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# Predicting Precipitates

## Demonstrates how solubility constants can be used to predict the formation of precipitates.

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Predicting Precipitates

Credit: Courtesy of Journalist Seaman Apprentice Mike Leporati, US Navy
Source: http://commons.wikimedia.org/wiki/File:US_Navy_060505-N-2832L-010_An_X-Ray_machine_located_aboard_Military_Sealift_Command_%28MSC%29_hospital_ship_USNS_Mercy_%28T-AH_19%29.jpg

What do you see?

The invention of the X-ray machine had radically improved medical diagnosis and treatment. For the first time, it was possible to see inside a person’s body to detect broken bones, tumors, obstructions, and other types of problems. Barium sulfate is often used to examine patients with problems of the esophagus, stomach, and intestines. This insoluble compound coats the inside of the tissues and absorbs X-rays, allowing a clear picture of the interior structure of these organs.

### Predicting Precipitates

Knowledge of Ksp\begin{align*}K_{sp}\end{align*} values will allow you to be able to predict whether or not a precipitate will form when two solutions are mixed together. For example, suppose that a known solution of barium chloride is mixed with a known solution of sodium sulfate. Barium sulfate is a mostly insoluble compound and so could potentially precipitate from the mixture. However, it is first necessary to calculate the ion product, [Ba2+][SO42−] for the solution. If the value of the ion product is less than the value of the Ksp\begin{align*}K_{sp}\end{align*}, then the solution will remain unsaturated. No precipitate will form because the concentrations are not high enough to begin the precipitation process. If the value of the ion product is greater than the value of the Ksp\begin{align*}K_{sp}\end{align*}, then a precipitate will form. The formation of the precipitate lowers the concentration of each of the ions until the ion product is exactly equal to the Ksp\begin{align*}K_{sp}\end{align*}, at which point precipitation ceases.

Credit: Ondřej Mangl

Barium sulfate is used as a component of white pigment for paints and as an agent in certain x-ray imaging processes. [Figure2]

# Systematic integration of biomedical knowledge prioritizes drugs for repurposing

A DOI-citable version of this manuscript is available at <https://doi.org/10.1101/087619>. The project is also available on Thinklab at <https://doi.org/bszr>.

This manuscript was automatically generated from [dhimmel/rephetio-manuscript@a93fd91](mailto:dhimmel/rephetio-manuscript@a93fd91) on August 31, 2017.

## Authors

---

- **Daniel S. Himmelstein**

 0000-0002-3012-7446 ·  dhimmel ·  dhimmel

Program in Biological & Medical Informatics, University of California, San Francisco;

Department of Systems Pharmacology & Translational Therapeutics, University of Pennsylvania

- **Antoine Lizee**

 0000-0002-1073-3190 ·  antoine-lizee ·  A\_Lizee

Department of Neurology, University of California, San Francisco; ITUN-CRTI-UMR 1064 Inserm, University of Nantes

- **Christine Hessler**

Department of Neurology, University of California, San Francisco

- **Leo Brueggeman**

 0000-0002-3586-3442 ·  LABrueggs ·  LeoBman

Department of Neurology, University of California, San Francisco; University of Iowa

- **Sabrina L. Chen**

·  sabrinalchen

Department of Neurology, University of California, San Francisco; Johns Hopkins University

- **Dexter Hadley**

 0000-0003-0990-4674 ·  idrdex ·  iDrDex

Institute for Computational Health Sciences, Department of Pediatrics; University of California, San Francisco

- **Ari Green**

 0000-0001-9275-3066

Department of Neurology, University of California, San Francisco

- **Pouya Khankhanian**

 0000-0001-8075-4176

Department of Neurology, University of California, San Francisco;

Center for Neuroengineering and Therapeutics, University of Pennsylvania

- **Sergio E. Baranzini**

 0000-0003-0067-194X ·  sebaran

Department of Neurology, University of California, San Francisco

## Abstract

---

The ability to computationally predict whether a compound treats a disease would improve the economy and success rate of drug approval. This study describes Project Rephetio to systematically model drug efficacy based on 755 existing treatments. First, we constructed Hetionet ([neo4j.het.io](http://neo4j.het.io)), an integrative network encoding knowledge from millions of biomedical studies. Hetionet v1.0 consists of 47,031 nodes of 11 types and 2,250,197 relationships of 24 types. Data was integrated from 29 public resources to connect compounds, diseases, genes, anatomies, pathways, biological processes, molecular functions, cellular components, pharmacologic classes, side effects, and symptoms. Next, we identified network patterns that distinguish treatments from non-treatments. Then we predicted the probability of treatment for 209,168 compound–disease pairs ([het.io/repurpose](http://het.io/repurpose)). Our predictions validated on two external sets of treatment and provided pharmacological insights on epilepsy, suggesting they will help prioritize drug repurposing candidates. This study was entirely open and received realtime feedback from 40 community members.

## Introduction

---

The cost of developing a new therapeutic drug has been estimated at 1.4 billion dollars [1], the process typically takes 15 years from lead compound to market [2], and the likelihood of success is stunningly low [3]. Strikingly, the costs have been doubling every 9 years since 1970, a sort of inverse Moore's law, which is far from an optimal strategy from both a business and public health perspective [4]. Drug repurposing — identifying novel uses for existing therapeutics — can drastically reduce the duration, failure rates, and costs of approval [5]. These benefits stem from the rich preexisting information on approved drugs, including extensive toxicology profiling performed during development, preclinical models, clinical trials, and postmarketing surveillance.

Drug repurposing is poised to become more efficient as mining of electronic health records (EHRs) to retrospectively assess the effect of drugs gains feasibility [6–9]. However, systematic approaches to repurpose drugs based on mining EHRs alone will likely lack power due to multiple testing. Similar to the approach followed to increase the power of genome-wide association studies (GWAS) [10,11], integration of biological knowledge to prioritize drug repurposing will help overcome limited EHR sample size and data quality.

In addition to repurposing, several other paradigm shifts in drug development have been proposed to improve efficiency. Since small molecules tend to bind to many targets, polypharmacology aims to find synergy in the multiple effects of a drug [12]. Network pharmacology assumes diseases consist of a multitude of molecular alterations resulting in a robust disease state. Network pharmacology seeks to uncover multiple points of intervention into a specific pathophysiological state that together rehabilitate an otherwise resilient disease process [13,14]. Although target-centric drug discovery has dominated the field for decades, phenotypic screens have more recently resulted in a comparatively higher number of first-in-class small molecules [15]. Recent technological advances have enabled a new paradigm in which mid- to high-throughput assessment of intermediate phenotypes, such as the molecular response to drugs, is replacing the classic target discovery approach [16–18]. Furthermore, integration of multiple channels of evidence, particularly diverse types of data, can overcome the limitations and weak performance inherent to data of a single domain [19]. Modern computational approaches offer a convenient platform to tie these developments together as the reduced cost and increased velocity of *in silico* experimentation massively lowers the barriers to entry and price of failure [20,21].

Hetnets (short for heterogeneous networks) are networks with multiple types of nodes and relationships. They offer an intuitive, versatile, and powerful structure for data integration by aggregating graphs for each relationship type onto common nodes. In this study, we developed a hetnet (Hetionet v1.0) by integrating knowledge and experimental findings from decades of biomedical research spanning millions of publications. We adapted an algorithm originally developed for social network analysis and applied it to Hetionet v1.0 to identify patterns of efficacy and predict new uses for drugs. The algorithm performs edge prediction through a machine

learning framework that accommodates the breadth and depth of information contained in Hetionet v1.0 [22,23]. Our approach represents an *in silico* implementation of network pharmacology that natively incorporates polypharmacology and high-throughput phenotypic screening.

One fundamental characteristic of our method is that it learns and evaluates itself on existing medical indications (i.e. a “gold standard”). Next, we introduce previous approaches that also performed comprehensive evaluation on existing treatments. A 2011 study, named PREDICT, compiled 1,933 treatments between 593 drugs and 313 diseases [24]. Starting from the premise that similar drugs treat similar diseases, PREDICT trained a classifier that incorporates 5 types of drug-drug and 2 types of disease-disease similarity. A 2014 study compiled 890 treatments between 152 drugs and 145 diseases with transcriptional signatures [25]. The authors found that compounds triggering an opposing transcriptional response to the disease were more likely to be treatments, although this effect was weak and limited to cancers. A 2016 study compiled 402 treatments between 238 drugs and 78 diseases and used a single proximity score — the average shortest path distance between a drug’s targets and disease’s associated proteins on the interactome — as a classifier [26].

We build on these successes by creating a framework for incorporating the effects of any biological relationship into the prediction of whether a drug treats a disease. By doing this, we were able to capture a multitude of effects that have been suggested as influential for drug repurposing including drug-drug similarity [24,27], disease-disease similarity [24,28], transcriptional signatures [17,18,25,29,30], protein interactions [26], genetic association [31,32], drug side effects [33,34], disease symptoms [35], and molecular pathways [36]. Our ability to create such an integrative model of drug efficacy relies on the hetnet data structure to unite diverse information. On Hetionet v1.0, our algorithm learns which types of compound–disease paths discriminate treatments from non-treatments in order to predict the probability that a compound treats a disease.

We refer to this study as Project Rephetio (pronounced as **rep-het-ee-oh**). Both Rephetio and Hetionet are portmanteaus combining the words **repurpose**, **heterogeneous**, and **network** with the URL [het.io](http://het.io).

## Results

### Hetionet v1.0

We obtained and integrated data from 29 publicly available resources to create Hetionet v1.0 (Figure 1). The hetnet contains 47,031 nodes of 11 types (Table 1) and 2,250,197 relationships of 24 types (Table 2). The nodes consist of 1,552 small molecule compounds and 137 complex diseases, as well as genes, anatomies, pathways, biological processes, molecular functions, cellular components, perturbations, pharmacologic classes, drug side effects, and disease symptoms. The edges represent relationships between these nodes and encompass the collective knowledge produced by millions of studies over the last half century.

#### Sample Problem: Predicting Precipitates

Will a precipitate of barium sulfate form when 10.0 mL of 0.0050 M BaCl2 is mixed with 20.0 mL of 0.0020 M Na2SO4?

Step 1: List the known quantities and plan the problem.

Known

• concentration of BaCl2 = 0.0050 M
• volume of BaCl2 = 10.0 mL
• concentration of Na2SO4 = 0.0020 M
• volume of Na2SO4 = 20.0 mL
• Ksp\begin{align*}K_{sp}\end{align*} of BaSO4 = 1.1 × 10-10

Unknown

• ion product [Ba2+][SO42-]
• if a precipitate forms

The concentration and volume of each solution that is mixed together must be used to calculate the [Ba2+] and the [SO42−]. Each individual solution is diluted when they are mixed together. The ion product is calculated and compared to the Ksp\begin{align*}K_{sp}\end{align*} to determine if a precipitate forms.

Step 2: Solve.

The moles of each ion from the original solutions are calculated by multiplying the molarity by the volume in liters.

mol Ba2+mol SO24=0.0050 M×0.010 L=5.0×105 mol Ba2+=0.0020 M×0.020 L=4.0×105 mol SO24

The concentration of each ion after dilution is then calculated by dividing the moles by the final solution volume of 0.030 L.

[Ba2+][SO24]=5.0×105 mol0.030 L=1.7×103 M=4.0×105 mol0.030 L=1.3×103 M

Now the ion product is calculated.

[Ba2+][SO24]=(1.7×103)(1.3×103)=2.2×106

Since the ion product is greater than the Ksp\begin{align*}K_{sp}\end{align*}, a precipitate of barium sulfate will form.

Two significant figures are appropriate for the calculated value of the ion product.

#### Summary

• Calculations are shown which allow the prediction of precipitate formation based on Ksp\begin{align*}K_{sp}\end{align*}.

#### Practice

Work the problems at the link below:

A useful table for constants can be found here: http://users.stlcc.edu/gkrishnan/ksptable.html

#### Review

Questions

1. What would be the equation for the ion product of BaCl2?
2. What happens if the ion product is less than the Ksp\begin{align*}K_{sp}\end{align*}?
3. Why did we not need to calculate an ion product for NaCl?